1784 was a notably cold year; with a CET value of 7.8degC, this year falls within the 'top-10' of coldest years in this series (since 1659), and is approximately 2C below the modern-day average. In particular, the summer was consistently chilly. Each summer month (JJA) had a CET anomaly of at least (minus)0.5C, and August had an anomaly of -1.6C on the whole-series mean.
(The 1780's were one of the coldest decades in the CET series & this year was the coldest within those 10 years. There was a notable sequence of three cold years, 1784-1786, where the annual mean for each year was over 1C below the modern-day average.)
 6, 8, CET
 Following a dry September (EWP=41mm/~50% LTA), October 1784 was exceptionally dry using this same series, with a value of 16 mm, representing roughly 18% of the average, and placing it third driest for the month of October across England & Wales.
Not only was it notably dry but it was cold; the CET value is quoted as 7.8degC, which gives an anomaly of roughly -2C on the all-series average. Snow fell in Suffolk on the 7th, at the start of a remarkably cold & dry spell that lasted right through the winter and spring of 1784/85.
& Earl Soham
 January 1785  Over Scotland, around the middle two weeks of January, some severe snowstorms, followed by prolonged frosts - lasting into May in some areas. (Not necessarily continuous though!)  x
 1784 December to 1785 June  Notably dry during this period. Less than 50% of the average rainfall over these 7 months, and includes the exceptionally dry months of March 1785 (19mm) and April 1785 (10mm/6th driest April in the series). Great distress to Agriculture by the spring / early summer 1785, with spring-sowing failing due to lack of moisture & cattle having to be either killed or fed on sub-standard supplies. [ The drought even more severe in France. ]  x
 Very cold: CET=1.2 degC, the second coldest March in the series.  CET
 One of the driest years across England & Wales (using the EWP series) - into the 'top-10' using that measure.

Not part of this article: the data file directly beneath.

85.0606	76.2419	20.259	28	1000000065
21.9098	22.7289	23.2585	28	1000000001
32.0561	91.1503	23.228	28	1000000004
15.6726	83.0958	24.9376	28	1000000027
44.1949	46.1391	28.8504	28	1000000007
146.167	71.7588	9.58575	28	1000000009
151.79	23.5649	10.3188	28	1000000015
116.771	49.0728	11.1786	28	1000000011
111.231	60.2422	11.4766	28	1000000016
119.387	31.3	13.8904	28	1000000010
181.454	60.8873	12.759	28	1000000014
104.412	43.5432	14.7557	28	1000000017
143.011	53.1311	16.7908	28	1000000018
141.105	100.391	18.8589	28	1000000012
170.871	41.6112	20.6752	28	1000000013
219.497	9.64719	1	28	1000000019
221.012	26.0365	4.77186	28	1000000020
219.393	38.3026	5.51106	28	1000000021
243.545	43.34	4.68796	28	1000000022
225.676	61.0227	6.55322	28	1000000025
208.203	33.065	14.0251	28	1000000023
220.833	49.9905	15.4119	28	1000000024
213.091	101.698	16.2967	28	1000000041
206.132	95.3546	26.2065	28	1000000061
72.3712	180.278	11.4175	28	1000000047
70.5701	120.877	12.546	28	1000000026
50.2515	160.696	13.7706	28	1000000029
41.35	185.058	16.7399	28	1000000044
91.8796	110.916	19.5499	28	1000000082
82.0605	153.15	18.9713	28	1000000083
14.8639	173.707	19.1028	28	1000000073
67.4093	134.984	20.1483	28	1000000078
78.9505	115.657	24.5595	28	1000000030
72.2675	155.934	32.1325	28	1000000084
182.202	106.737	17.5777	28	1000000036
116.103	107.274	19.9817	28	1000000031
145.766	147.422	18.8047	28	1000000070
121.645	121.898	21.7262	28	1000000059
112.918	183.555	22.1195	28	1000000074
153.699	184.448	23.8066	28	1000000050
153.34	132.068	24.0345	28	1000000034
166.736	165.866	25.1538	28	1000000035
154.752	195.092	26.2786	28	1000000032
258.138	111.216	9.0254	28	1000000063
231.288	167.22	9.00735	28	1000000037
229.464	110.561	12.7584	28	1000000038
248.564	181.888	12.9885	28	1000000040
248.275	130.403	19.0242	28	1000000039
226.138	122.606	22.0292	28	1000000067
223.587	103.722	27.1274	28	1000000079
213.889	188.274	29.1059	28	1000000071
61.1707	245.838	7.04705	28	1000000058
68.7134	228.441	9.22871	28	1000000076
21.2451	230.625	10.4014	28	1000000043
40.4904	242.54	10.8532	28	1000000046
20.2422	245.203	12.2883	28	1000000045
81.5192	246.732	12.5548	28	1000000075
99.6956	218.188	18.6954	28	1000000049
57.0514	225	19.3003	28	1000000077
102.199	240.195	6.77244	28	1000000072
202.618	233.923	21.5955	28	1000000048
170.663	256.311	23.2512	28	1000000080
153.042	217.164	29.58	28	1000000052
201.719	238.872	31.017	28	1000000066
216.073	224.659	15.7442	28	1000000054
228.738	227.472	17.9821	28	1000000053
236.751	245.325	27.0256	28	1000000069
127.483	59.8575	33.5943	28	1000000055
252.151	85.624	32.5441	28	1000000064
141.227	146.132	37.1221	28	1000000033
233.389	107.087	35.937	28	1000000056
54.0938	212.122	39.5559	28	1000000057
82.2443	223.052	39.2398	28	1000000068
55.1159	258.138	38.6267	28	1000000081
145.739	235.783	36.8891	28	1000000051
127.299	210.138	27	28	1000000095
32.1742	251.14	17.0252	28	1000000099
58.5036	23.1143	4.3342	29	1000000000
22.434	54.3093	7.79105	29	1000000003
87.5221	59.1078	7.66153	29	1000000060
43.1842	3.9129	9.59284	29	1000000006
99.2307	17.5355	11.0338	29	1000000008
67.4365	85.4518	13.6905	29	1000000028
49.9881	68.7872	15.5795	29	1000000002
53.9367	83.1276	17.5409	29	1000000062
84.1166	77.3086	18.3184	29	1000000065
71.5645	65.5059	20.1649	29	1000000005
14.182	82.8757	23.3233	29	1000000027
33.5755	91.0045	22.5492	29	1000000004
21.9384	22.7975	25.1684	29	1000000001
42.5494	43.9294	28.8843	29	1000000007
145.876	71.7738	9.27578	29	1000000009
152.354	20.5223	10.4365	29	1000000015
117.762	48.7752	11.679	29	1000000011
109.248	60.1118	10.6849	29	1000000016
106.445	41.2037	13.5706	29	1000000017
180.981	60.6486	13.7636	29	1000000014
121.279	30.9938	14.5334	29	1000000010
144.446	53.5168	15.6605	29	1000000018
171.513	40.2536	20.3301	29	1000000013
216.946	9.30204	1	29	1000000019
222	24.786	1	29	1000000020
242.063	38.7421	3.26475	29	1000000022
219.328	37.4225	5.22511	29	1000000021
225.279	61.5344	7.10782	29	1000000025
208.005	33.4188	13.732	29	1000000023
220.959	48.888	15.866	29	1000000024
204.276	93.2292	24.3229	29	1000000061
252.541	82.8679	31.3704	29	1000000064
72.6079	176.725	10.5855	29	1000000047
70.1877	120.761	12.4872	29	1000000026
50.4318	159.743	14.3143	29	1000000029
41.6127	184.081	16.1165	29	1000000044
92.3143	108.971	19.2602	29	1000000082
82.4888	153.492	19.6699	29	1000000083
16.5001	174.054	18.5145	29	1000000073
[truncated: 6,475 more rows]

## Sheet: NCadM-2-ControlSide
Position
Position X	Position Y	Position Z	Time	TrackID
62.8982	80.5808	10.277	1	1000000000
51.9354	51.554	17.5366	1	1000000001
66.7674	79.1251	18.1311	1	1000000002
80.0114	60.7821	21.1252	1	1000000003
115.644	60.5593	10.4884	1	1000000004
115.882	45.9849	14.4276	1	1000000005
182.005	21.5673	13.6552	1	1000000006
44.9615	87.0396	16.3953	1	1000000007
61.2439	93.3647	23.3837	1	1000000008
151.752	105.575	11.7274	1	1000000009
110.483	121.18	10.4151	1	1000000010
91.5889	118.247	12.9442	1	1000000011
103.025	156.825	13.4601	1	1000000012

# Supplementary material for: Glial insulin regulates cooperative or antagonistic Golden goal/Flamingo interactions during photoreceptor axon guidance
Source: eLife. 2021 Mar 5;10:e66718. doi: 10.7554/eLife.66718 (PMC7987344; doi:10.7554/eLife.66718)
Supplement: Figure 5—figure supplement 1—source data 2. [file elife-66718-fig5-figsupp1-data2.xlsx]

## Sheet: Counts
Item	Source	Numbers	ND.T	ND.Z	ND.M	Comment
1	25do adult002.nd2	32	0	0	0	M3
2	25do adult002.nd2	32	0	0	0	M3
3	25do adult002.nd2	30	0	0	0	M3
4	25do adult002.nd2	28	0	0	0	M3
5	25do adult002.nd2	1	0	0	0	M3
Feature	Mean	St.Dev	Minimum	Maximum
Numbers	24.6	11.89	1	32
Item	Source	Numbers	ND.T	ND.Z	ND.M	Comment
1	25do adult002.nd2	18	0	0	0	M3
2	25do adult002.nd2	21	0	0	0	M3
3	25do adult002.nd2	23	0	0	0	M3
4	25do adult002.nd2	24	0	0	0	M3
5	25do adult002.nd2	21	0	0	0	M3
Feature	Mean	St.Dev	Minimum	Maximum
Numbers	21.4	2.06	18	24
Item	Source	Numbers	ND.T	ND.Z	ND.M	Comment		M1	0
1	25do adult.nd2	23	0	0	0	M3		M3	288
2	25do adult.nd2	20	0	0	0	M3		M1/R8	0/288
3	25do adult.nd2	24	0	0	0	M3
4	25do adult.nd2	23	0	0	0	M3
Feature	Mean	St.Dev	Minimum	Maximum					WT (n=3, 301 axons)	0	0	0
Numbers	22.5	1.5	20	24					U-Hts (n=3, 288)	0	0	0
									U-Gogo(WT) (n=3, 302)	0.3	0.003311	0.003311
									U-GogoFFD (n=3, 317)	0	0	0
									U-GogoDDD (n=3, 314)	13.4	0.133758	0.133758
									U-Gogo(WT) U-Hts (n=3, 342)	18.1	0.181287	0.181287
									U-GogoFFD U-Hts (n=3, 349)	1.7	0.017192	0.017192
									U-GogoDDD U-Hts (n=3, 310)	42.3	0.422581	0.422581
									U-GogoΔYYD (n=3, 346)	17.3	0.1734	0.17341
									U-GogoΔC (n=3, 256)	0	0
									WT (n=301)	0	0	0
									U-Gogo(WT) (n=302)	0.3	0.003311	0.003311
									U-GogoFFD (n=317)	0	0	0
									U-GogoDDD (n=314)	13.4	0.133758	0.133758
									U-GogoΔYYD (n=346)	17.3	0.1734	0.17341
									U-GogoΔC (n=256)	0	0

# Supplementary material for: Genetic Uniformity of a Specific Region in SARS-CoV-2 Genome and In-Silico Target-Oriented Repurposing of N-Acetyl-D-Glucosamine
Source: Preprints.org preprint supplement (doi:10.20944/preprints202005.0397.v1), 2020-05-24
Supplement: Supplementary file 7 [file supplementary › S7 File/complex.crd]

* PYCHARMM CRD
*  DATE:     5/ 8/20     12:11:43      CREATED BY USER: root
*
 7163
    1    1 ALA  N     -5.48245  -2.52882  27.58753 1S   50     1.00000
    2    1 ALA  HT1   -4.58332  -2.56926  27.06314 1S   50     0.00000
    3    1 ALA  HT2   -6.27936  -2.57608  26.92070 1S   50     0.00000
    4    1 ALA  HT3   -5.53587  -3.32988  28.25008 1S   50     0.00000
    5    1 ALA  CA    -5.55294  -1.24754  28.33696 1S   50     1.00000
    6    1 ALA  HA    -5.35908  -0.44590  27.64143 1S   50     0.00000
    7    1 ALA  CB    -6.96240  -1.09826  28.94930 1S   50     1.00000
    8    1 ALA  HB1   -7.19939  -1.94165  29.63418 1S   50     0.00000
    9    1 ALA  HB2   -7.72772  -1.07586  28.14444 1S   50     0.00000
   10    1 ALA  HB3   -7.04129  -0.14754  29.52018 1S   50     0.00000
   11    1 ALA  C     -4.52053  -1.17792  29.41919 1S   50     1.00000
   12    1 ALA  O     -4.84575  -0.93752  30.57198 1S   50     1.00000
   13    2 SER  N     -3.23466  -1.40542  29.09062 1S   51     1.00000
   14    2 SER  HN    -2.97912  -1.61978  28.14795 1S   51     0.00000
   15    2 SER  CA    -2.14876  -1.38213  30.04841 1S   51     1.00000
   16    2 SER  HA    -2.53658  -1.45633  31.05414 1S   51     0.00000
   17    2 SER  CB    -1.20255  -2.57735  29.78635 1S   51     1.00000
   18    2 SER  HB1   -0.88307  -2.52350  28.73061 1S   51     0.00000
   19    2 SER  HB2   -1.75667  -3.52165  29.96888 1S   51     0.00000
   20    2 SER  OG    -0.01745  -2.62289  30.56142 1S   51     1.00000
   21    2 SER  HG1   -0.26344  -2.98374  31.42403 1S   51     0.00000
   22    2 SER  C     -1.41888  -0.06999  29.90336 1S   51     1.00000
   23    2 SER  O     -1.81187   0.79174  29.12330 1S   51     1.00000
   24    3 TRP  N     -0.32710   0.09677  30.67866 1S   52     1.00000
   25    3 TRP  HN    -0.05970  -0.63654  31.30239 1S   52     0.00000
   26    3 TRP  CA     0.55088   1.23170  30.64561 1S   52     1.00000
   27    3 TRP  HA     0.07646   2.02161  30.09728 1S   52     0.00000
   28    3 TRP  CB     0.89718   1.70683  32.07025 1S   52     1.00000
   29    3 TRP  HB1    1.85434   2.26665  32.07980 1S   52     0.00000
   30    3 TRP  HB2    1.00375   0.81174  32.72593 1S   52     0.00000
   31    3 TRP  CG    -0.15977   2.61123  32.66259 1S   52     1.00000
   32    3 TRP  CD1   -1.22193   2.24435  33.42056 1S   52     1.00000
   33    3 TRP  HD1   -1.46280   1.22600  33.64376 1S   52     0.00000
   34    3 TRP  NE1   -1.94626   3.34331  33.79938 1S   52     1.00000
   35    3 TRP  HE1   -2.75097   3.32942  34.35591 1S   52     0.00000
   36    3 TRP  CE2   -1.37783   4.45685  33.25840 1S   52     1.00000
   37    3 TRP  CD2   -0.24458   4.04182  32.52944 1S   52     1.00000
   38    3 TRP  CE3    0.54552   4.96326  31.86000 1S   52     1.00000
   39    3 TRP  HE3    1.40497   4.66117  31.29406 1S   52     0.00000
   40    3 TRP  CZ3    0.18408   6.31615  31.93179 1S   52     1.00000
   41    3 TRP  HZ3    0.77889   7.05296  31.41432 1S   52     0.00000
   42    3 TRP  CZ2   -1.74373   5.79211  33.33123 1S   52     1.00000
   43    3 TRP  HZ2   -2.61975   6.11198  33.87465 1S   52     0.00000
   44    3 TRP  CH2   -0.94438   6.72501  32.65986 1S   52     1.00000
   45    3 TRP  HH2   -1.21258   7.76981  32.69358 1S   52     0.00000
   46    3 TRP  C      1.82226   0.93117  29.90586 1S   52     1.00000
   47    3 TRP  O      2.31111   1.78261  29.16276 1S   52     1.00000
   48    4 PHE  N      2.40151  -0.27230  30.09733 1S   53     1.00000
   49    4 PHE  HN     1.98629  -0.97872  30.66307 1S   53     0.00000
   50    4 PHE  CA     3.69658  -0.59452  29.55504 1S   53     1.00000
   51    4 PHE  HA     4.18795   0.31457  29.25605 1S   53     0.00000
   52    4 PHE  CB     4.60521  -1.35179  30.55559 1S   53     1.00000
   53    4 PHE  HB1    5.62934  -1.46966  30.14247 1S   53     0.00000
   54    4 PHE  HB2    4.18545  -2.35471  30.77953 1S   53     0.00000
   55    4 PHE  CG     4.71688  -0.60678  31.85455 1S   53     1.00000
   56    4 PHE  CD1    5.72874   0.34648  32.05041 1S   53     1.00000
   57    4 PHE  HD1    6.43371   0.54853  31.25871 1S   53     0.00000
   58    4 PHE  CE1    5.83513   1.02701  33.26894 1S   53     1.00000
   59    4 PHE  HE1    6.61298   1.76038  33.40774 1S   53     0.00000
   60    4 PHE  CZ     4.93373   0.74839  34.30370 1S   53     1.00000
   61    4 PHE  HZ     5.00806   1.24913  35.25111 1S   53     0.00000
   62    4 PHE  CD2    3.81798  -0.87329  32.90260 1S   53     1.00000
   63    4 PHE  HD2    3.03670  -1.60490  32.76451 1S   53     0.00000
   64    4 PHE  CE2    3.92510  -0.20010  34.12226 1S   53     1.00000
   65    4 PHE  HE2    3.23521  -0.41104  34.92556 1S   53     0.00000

Cold year: snow on the 26th & 29th October (?London).
 8, EWP
 November 1785  1st: Tornado damage in Nottinghamshire.  6
 1786  A cold year: A dry summer (London/South).
Autumn (September to November), was persistently cold (based on the CET series). All three months had anomalies (w.r.t. modern values) between -2 & -3.5C, & November 1786 was equal-tenth (with 1923, 1919, 1740 & 1746) coldest such-named month in the series with a CET value of 3.3degC. For the autumn overall, the average CET of 7.5degC is nearly 3C below the 1971-2000 average for autumn.
 14th/15th September, 1786: Major storm affected much of the British Isles (but perhaps not Scotland) - destroyed houses, overturned coaches/wagons & killed many people. Many trees in the south of England were 'torn up by their roots', with the New Forest specifically mentioned. Ships were driven ashore and damaged or destroyed, with deaths of sailors the result. Lamb thinks that the strongest winds (possibly gusts to 80 knots) occurred in a broad belt across the English Midlands, and the wind may have been 'unusually squally'.  23
 1786/87 (winter)  Notaby mild in Scotland. (Severe/cold winters were common at this time - so quite unusual). December was wet & stormy according to an Aberdeen paper, without much frost/snow. The remarkably mild weather affected much of January - temperatures by day in Kelso for example rising to 5 to 10 degC from late December until mid-January. February also noted as being without 'harsh' weather.  x
 1788  A dry year (London/South). The driest year in the EWP series with 612mm of rain; this represents roughly two-thirds of the all-series mean. [Other dry years: 1921 & 1887 q.v.]. Includes the driest December in the EWP series, with a value of just 9 mm averaged over England & Wales. From records in the London area (quoted in 'London Weather'), both South Lambeth and Somerset House failed to record any rain during December.  8, EWP
 June 1788  28th: probably the wettest day ever recorded in Suffolk.  6
 30th November 1788 - earliest known case of a long unbroken frost began on this date, lasting until early January 1789. Although the winter overall didn't stand out as regards severity, December, and to a lesser extent January, were bitterly cold. The CET value for December 1788 was -0.3degC, some 4.4C below the 'all-series' mean for that month, and for January 1789, the value of 1.5degC was nearly 2C below the 'all-series' mean. December 1788 in particular is comfortably in the 'top-5' of coldest Decembers in the CET series. The Thames was completely frozen during this severe winter (implying a persistence of sub-zero temperatures) and a frost fair was held on the river, with the usual reports of sports / pastimes etc. "Deep snow" is noted in contemporary reports, diaries etc. (In the London area, the 'hard frost' is noted as having lasted from the 25th November, 1788 to the 14th January, 1789.(LW)
The combination of the extreme drought of 1788 (q.v.) & the bitter, frosty conditions, meant that water was in very short supply in the winter of 1788/89; much 'profiteering' as small quantities of water were sold for high prices.
 6, 8, usw, CET
 1789  A wet summer (in London). Probably the 10th wettest year (equal with 1782) in the EWP series: in particular, May to July of that year was a particularly wet period, with a total rainfall for those three months of around 350mm (EWP), representing roughly 180% of the mean. This was of course in marked contrast to the previous (notably dry) year - see 1788.